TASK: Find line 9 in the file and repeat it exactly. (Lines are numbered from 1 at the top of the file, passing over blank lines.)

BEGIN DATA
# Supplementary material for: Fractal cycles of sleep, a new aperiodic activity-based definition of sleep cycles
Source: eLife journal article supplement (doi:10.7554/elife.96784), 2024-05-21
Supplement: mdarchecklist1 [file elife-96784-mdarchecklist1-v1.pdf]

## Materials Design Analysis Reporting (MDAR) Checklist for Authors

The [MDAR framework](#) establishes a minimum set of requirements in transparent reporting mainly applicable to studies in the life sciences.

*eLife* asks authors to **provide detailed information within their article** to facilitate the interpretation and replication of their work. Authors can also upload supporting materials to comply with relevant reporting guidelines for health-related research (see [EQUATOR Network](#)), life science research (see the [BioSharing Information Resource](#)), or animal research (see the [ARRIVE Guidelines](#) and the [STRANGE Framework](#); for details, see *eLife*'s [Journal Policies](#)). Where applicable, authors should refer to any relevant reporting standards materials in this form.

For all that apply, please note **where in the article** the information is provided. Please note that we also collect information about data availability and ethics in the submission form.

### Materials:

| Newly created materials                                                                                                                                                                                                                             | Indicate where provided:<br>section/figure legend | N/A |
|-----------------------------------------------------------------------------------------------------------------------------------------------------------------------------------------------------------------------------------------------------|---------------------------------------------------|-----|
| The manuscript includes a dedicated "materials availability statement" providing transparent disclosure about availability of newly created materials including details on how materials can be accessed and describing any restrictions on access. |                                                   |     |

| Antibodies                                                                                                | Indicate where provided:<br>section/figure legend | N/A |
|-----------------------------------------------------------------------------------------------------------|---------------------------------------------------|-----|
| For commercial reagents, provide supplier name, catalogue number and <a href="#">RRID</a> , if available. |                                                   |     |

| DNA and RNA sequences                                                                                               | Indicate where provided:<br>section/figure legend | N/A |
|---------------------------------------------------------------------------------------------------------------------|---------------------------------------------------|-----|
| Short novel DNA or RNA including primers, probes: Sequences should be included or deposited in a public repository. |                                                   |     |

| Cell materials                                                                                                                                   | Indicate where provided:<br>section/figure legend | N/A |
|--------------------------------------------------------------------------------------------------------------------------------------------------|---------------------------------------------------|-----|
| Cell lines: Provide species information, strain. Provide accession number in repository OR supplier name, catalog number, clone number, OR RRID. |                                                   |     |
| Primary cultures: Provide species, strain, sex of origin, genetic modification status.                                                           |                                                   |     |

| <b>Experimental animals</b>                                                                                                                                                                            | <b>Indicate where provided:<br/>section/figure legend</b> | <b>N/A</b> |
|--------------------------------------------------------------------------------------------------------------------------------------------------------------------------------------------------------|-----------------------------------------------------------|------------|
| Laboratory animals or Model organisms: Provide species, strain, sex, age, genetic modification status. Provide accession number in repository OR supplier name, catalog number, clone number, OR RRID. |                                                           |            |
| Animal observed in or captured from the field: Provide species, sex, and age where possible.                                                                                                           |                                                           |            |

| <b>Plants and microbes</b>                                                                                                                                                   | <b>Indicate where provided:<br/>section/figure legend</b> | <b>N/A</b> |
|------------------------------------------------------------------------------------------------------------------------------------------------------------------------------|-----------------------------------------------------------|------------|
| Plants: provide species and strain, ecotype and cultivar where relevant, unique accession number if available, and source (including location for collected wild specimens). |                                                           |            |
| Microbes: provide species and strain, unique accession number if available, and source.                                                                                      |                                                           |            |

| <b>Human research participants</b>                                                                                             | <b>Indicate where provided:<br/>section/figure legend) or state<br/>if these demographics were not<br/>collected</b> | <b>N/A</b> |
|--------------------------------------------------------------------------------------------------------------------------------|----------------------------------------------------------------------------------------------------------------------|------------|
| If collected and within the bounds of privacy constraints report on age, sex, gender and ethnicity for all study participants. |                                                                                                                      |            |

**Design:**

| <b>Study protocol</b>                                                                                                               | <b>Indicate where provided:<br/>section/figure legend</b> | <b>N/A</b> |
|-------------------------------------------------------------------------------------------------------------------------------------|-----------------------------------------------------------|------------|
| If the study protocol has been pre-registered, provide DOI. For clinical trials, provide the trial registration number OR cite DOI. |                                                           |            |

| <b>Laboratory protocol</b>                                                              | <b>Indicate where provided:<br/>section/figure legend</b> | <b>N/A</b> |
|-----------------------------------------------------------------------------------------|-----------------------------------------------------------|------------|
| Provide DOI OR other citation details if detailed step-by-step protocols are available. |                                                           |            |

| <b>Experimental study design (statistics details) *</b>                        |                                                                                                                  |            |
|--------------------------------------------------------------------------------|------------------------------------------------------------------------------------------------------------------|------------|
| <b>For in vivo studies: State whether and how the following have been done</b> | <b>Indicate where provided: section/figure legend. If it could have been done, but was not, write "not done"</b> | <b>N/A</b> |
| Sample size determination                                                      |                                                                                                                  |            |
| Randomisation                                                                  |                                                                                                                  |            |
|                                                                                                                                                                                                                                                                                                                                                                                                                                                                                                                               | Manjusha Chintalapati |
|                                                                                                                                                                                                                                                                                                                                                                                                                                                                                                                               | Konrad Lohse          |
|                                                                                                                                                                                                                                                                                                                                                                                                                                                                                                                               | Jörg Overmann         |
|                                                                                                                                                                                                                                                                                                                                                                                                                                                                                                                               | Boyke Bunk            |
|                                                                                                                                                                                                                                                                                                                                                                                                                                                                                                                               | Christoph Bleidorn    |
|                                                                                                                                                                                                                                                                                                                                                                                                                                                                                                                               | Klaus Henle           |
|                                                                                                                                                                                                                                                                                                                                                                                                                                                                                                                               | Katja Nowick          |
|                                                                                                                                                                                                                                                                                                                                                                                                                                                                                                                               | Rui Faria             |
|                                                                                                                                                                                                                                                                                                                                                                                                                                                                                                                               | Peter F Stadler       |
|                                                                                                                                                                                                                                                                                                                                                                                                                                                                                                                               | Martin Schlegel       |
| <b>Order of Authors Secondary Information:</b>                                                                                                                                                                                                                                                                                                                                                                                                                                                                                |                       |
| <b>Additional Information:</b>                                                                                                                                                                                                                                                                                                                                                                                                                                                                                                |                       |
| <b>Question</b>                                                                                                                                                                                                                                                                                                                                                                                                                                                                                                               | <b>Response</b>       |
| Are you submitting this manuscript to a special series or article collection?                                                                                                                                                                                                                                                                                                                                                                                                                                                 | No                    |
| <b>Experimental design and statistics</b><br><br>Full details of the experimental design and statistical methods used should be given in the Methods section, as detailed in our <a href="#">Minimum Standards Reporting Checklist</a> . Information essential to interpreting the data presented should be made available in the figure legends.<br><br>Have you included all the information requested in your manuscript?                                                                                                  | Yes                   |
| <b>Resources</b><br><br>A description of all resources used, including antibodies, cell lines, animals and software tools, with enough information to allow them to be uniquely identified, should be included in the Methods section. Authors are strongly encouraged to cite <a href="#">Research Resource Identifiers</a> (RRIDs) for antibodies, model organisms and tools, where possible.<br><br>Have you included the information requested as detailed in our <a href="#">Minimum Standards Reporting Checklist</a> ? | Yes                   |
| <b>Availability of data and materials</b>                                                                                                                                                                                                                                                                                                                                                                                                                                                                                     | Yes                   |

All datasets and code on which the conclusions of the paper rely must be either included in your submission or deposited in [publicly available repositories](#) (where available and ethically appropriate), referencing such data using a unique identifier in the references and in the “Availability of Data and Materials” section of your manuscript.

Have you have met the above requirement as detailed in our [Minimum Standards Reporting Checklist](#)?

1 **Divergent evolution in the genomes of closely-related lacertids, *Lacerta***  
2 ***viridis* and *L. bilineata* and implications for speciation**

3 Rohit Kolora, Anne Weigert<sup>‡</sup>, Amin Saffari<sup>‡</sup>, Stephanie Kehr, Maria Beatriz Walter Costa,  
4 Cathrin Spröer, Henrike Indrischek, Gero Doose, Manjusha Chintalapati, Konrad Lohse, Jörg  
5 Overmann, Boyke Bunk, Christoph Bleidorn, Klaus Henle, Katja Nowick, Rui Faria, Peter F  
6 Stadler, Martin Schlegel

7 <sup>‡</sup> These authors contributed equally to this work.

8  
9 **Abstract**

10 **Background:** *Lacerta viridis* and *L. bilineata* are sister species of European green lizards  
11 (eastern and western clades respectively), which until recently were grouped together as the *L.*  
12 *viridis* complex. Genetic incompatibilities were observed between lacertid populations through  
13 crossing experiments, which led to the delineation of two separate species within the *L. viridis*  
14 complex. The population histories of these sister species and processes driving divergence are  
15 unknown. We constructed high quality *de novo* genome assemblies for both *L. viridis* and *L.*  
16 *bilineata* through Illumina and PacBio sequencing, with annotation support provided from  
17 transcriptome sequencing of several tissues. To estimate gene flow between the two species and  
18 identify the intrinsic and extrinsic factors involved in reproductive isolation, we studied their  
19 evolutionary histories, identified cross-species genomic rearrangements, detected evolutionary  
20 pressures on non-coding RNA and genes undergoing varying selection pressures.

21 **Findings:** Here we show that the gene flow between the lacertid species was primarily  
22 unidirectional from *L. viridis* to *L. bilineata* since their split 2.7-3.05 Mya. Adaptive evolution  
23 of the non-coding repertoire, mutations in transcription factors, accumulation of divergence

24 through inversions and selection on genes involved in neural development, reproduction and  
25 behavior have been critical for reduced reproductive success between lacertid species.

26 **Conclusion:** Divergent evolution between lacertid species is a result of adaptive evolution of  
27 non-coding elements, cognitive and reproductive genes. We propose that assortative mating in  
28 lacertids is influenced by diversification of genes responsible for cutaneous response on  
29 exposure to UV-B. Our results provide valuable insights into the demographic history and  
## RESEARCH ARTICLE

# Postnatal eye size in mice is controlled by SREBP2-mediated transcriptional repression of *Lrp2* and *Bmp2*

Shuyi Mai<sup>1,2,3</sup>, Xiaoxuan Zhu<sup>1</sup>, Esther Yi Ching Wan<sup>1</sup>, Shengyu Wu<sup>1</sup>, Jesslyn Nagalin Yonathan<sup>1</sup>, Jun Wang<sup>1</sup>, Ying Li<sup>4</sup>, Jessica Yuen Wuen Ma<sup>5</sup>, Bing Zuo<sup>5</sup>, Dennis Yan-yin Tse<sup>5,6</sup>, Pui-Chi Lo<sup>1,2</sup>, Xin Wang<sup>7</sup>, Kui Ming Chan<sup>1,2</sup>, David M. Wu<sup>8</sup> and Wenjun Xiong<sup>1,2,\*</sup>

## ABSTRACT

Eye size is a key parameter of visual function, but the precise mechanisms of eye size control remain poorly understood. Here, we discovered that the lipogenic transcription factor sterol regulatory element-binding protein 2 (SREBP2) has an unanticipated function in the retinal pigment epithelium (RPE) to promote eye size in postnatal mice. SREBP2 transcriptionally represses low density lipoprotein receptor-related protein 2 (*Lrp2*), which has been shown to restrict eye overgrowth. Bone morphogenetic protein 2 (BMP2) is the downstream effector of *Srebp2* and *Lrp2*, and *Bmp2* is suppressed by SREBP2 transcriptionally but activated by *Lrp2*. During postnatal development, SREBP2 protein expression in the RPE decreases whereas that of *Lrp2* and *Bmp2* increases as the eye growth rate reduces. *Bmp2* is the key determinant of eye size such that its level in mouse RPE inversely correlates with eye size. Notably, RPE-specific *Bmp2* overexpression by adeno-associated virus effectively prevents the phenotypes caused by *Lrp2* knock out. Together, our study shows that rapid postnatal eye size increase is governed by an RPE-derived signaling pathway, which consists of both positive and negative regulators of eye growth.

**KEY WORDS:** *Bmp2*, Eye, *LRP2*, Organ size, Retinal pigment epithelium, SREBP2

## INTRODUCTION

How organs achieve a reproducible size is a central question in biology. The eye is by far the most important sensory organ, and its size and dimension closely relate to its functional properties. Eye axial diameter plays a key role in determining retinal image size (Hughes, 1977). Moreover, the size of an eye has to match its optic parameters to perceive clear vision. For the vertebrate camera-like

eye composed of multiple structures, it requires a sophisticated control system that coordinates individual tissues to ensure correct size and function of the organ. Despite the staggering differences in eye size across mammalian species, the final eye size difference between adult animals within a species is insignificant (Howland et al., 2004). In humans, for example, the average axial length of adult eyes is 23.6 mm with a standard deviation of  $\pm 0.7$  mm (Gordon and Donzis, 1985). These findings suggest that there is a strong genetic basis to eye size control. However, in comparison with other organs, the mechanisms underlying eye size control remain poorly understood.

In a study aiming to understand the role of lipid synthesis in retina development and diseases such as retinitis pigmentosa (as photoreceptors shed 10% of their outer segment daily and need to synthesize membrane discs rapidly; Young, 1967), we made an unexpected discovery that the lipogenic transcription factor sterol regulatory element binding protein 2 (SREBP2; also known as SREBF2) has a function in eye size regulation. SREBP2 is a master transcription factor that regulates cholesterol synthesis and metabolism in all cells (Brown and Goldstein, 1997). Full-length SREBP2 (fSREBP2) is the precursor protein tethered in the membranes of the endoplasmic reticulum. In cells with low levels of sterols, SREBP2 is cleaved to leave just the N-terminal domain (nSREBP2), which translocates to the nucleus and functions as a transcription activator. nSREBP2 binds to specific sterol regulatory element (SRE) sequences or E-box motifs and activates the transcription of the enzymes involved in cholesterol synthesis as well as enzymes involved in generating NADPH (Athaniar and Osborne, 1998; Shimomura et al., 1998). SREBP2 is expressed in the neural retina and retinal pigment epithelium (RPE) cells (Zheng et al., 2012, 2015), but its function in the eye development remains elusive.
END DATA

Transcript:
| Newly created materials                                                                                                                                                                                                                             | Indicate where provided:<br>section/figure legend | N/A |